When I introduced myself to the loom and started having these conversations with the yarns, my hands were ten steps ahead of my brain and they figured out what they were doing before my brain did. It was a beautiful experience getting to learn the loom in that way.
PSThe words that come to mind when you say that are channeling or embodiment or intuition or even cellular memory. It feels like somehow this form or metaphor or skill is ingrained in you, is woven into you.
EPR It’s a beautiful thing to realize as I grow as an artist. Submitting to the power of my hands is really important for me and really special. My hands are my favorite part of the body. If I want to learn about a work, it’s really important for me to perform with it. To weave my body and hear a lot of the sounds and the weight of it and the way it gets tangled upon itself or even my body. Some of the fringe gets tangled between my toes and then I can’t walk, or I’m wearing it on my head and I can’t see. I have to rely on other senses to move through a space.
I’ve made a decision as an artist that everything I do has to be worn or carried or thrown, stepped on, rolled in. Whatever the work wants to do with me and gifts me, that’s what I learn about it.
Yet sometimes after a performance I know just as much as the audience does. Everyone’s interpretation of what just happened is equally as important and valid as mine. We all got to experience it together.
PSTell me about the title of the project here at Bockley Gallery.
EPR It’s made up of the titles of the three pieces that are in the show. Oftentimes I think of the titles of the pieces as their names. I consider a lot of what I do as living because as I change, they change. They’re never really static or finished. For this exhibition I wanted to reference that and give respect to how this is the name of all the pieces.
The title is (my god, YE’ii [1-2], (jaatłoh4Ye’iitsoh [1–6]) and (a loom between Me+U, dah ‘iistł’ǫ́). In the first two, YE’ii is a term for god but then also a holy figure. Jaatłoh4Ye’iitsoh, which is the next title, means “the earring for a big god.” In one of our holy stories, there are monsters that are traveling around the world, and I wanted to create earrings for these giant gods, because according to one of the stories that has been shared with me, one way that our holy people recognize us is through our jewelry and turquoise and our squash-blossom necklace. This is how our ancestors and those we consider our holy people recognize us and protect us.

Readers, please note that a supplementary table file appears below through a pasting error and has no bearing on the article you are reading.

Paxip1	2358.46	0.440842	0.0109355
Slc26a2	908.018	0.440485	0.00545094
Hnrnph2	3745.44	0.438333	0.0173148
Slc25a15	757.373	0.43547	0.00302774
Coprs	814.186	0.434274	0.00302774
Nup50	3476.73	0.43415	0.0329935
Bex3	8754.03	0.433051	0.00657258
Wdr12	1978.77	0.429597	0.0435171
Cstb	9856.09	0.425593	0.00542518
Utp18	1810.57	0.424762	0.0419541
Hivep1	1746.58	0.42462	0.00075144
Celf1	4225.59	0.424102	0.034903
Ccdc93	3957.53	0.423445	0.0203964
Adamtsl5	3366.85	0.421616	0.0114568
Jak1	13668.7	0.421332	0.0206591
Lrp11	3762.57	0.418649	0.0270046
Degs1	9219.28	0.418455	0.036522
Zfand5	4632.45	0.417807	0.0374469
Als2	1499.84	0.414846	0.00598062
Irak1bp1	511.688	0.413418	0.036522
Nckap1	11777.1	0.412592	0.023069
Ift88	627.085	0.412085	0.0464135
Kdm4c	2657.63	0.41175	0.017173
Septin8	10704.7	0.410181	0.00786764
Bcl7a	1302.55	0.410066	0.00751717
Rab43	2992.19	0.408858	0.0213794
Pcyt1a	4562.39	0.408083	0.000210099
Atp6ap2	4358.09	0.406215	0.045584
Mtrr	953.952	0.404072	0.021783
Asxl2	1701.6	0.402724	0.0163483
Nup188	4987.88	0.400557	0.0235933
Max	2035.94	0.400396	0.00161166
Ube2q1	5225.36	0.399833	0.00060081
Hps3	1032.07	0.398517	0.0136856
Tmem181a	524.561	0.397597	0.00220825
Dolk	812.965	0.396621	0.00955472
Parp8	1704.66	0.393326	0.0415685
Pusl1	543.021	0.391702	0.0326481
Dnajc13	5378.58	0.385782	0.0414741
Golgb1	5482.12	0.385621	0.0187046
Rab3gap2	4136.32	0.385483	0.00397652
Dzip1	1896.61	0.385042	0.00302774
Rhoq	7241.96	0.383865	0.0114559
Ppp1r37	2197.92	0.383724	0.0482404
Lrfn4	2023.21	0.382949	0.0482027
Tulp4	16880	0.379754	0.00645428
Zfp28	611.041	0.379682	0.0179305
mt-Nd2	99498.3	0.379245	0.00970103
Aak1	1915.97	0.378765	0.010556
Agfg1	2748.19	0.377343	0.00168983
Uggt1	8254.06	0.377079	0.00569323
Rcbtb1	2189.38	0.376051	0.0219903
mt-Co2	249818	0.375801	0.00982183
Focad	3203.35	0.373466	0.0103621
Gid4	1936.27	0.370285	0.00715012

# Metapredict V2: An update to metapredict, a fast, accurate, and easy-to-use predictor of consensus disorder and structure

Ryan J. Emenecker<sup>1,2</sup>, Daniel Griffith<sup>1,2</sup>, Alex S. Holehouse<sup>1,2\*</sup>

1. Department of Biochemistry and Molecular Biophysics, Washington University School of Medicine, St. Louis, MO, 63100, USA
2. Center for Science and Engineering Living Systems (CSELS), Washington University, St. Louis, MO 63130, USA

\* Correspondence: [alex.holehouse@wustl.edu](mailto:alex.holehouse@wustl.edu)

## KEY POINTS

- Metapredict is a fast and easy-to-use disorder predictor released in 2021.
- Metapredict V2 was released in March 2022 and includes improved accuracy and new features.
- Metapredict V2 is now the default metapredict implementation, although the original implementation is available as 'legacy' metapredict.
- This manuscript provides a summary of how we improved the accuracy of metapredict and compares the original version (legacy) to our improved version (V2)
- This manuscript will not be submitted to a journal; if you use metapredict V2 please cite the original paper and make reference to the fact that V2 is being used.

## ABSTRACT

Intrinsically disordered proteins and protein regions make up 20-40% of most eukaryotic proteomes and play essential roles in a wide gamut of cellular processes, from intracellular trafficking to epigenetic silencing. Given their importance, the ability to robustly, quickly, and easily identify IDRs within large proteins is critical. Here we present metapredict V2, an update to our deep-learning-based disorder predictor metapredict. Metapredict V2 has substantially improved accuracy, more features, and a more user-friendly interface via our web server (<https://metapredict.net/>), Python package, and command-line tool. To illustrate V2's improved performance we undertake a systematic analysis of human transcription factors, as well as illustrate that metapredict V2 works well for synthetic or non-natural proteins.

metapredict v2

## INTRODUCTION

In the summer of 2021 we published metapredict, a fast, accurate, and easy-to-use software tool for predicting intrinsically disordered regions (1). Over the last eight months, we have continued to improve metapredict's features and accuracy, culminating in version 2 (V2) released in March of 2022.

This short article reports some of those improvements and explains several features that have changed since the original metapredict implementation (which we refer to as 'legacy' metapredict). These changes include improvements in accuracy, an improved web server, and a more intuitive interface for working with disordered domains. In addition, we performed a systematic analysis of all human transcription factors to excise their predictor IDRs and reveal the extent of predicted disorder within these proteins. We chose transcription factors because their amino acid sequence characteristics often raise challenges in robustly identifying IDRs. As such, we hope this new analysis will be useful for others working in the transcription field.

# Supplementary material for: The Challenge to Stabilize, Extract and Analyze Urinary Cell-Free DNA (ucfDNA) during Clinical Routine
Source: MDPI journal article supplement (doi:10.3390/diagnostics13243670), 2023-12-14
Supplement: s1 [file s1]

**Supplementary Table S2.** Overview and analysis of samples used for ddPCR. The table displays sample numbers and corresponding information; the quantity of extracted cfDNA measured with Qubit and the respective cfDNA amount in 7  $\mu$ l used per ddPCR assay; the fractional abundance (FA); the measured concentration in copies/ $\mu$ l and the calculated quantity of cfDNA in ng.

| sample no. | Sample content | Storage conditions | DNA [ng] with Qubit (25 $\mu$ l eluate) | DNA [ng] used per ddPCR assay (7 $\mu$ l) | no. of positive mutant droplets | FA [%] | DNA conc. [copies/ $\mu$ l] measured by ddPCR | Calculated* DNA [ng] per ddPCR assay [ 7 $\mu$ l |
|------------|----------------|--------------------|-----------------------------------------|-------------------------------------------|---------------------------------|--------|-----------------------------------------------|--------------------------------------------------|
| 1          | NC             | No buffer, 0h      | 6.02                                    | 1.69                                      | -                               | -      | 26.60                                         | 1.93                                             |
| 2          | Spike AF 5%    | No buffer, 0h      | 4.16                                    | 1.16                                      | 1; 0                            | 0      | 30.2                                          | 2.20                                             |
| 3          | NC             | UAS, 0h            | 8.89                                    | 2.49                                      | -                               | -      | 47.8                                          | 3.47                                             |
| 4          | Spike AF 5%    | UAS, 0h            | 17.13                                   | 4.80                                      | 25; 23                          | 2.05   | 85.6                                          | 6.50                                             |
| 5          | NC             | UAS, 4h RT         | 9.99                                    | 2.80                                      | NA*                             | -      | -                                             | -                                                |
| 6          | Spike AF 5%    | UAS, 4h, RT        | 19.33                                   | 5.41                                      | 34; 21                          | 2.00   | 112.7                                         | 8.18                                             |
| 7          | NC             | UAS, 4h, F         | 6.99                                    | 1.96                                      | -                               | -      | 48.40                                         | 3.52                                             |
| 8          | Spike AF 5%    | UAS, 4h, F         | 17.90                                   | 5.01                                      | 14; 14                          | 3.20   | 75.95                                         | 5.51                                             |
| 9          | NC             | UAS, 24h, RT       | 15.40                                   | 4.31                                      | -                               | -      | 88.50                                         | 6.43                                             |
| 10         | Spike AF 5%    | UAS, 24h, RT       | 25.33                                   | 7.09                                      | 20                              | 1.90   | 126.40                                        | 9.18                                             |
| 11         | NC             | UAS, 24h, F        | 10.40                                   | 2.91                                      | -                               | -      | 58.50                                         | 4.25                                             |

But jewelry is also a way to hold memories. One day when I was younger, I was told by my grandmother that as we navigate the world our earrings and necklaces—and I’ve extended this further to clothes—are listening, just as much as we are. If you’re having a conversation with somebody and perhaps forget a certain part of that conversation, your earring remembers, so when you take that earring off and put it back on the next day, those memories are still in that earring and that knowledge is still there. These large soft-sculpture earrings are totems of not only my memory but then the collective memory of artists, the collective memory of my past, present, and future self.